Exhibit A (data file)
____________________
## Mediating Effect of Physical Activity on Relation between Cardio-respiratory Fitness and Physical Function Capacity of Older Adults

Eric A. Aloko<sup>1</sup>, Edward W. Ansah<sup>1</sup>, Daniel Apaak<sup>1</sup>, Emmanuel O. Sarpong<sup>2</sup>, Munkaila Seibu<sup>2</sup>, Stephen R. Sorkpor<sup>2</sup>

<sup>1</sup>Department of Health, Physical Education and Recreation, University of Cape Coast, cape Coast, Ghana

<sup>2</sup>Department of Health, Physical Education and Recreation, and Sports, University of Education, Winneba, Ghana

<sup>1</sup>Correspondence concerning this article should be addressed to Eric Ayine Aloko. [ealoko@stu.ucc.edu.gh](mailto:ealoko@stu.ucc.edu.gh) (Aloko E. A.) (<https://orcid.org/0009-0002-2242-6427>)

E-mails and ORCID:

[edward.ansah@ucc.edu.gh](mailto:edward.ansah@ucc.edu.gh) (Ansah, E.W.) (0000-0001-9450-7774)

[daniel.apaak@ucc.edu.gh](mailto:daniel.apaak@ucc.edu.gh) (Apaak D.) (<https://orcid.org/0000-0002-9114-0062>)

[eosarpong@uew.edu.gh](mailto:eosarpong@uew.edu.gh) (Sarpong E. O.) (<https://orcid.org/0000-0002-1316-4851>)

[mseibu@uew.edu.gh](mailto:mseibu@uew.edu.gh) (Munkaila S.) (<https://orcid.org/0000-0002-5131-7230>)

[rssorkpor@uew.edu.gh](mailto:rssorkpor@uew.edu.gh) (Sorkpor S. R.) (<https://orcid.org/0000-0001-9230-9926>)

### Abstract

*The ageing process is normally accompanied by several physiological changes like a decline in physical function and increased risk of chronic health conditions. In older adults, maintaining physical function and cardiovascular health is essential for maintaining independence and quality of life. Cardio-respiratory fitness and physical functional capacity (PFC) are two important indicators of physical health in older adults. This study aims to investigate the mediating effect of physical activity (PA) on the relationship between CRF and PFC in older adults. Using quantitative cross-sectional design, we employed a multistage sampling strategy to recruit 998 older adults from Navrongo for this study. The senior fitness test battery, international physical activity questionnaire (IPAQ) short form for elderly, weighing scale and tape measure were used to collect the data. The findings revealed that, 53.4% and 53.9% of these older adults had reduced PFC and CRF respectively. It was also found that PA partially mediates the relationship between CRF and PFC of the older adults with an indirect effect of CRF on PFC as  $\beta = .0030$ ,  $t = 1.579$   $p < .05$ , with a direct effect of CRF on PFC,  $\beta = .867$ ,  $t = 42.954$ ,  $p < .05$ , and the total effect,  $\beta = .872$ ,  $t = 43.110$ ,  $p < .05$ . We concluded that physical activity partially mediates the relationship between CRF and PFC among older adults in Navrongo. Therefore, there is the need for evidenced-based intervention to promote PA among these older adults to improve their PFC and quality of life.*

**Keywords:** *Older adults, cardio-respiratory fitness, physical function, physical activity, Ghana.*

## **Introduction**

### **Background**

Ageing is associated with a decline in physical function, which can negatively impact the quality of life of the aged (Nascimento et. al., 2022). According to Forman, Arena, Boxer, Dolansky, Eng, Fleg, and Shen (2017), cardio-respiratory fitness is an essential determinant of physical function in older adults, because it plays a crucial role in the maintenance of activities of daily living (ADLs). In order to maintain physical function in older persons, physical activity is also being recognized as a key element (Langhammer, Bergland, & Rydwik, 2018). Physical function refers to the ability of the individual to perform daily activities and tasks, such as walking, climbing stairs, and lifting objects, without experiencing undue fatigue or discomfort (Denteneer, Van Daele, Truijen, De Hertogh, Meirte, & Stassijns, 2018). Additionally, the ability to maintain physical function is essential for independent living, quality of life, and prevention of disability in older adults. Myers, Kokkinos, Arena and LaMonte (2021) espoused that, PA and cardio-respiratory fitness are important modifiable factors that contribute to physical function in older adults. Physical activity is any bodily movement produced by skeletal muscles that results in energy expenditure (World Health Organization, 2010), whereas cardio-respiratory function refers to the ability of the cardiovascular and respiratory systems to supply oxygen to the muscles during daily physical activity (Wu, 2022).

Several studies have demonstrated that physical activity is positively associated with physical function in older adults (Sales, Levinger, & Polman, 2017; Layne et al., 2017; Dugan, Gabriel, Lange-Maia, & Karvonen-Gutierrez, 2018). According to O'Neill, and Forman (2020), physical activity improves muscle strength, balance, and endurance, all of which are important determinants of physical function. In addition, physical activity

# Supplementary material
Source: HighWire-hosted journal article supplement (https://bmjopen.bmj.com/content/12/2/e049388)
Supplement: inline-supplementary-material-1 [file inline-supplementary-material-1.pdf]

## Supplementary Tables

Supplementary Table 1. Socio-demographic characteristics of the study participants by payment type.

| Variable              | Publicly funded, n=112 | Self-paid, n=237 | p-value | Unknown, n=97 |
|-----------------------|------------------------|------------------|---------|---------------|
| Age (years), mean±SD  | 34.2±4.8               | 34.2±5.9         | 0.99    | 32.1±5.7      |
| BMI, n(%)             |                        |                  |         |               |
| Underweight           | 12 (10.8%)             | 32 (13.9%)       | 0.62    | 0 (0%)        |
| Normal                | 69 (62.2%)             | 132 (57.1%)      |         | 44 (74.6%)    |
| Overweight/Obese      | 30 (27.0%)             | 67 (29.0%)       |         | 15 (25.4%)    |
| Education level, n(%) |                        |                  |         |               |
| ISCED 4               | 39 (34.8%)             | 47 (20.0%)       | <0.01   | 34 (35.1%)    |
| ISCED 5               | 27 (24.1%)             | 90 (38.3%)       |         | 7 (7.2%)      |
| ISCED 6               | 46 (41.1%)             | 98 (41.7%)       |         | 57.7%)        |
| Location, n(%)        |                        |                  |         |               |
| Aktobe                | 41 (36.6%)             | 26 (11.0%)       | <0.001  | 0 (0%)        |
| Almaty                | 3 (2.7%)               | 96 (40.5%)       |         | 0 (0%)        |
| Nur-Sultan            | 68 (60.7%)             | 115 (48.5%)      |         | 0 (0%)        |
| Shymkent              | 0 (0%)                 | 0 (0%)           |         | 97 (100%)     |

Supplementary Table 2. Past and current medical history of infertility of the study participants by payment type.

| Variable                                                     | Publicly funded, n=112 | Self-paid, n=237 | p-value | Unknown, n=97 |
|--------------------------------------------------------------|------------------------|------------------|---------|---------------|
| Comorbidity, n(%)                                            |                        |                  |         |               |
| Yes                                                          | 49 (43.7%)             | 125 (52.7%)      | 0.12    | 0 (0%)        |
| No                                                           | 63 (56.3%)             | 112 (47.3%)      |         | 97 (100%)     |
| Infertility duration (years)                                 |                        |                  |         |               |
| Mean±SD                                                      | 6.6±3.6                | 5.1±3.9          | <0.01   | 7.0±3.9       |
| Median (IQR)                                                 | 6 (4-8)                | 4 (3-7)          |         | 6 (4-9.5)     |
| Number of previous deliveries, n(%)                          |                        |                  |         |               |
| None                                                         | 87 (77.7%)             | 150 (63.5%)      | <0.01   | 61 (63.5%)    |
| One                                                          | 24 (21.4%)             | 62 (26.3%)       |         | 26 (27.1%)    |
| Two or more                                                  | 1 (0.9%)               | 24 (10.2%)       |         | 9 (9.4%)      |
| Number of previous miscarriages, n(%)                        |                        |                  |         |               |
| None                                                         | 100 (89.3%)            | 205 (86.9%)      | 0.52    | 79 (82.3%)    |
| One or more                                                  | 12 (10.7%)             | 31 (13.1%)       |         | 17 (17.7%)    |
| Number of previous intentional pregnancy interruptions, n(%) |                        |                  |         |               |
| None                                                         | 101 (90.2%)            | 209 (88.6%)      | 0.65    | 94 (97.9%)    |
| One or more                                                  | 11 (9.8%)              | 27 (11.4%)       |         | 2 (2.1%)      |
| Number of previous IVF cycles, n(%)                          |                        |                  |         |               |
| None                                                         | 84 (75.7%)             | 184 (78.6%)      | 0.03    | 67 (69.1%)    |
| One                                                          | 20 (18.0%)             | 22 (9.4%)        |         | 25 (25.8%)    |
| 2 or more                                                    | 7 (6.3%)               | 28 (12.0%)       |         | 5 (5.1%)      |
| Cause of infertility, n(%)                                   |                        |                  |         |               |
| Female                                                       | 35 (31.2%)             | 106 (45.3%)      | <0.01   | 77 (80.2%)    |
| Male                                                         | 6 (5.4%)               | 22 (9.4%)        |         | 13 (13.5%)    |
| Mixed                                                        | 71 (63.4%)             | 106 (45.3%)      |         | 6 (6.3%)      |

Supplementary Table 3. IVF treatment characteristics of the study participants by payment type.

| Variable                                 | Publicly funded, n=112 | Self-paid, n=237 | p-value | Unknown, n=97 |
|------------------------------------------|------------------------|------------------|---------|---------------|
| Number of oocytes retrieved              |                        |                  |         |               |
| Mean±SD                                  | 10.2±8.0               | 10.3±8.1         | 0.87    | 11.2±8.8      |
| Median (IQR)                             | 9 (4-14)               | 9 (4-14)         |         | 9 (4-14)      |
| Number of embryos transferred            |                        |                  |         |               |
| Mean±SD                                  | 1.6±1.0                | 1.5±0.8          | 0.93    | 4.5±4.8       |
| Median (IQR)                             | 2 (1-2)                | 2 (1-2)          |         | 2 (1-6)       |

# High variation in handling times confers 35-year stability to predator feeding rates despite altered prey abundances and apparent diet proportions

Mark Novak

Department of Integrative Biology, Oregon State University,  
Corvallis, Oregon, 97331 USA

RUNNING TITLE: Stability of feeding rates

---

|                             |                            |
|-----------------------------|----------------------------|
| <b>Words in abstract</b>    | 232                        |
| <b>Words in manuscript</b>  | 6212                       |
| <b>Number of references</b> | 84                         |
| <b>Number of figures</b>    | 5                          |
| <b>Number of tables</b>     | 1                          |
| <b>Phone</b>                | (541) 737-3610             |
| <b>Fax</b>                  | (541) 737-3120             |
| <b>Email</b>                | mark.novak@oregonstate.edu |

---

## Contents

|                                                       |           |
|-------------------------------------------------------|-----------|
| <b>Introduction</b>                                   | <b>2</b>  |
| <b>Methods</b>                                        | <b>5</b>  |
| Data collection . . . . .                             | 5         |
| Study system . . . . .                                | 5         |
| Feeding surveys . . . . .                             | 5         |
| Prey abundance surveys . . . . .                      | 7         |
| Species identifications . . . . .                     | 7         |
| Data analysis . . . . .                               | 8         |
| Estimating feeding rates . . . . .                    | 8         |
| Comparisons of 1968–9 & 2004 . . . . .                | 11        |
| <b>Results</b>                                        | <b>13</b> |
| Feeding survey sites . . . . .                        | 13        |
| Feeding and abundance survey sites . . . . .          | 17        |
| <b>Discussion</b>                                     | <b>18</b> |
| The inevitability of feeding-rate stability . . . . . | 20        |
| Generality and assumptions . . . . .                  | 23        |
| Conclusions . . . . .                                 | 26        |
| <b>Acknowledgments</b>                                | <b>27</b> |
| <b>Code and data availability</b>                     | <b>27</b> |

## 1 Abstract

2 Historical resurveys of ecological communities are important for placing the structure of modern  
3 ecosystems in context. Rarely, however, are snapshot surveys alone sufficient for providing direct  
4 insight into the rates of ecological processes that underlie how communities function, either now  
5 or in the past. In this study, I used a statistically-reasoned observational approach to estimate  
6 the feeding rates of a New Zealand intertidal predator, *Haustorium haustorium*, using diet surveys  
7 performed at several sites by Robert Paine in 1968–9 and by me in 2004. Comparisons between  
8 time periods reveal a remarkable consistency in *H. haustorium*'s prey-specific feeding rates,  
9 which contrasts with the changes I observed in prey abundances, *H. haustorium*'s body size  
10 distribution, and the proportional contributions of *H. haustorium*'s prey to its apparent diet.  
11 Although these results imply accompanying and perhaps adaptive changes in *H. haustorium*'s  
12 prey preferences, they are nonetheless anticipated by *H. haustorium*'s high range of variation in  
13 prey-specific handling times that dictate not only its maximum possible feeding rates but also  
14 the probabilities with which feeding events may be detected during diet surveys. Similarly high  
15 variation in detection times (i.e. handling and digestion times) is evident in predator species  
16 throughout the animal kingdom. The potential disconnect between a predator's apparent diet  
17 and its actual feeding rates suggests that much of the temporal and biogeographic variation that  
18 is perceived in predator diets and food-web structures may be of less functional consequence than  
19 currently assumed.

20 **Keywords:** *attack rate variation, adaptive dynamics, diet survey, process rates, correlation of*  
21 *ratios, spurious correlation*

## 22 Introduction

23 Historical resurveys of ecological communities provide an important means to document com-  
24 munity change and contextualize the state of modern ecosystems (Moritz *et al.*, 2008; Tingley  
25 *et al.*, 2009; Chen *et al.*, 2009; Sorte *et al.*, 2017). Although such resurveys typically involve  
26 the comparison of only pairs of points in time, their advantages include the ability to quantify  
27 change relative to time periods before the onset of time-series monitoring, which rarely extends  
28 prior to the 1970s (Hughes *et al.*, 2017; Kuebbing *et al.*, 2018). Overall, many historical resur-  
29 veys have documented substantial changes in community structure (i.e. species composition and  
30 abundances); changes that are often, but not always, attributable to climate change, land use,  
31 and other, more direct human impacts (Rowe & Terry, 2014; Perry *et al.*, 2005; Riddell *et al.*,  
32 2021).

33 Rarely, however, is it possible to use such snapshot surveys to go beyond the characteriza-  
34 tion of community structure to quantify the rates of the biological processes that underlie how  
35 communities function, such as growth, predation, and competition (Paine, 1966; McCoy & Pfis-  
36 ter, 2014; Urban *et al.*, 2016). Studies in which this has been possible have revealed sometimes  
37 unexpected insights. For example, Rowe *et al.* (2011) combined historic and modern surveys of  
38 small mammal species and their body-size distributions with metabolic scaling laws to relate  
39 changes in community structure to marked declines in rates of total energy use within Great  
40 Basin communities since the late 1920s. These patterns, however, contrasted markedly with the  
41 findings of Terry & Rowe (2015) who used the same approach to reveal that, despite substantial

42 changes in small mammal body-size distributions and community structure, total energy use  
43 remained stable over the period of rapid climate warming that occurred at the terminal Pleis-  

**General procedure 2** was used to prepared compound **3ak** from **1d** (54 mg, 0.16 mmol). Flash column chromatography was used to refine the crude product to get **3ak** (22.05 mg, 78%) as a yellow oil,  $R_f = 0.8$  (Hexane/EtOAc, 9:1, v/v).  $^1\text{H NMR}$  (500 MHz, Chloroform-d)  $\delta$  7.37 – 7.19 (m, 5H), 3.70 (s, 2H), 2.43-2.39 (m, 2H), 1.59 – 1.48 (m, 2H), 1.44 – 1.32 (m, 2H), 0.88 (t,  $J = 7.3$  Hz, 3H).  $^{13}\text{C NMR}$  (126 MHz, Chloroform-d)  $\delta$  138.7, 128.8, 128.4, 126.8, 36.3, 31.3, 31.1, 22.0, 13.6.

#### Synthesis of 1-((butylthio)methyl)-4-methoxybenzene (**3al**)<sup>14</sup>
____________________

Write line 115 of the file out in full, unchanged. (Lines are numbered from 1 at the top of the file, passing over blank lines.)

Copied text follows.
## 1 Abstract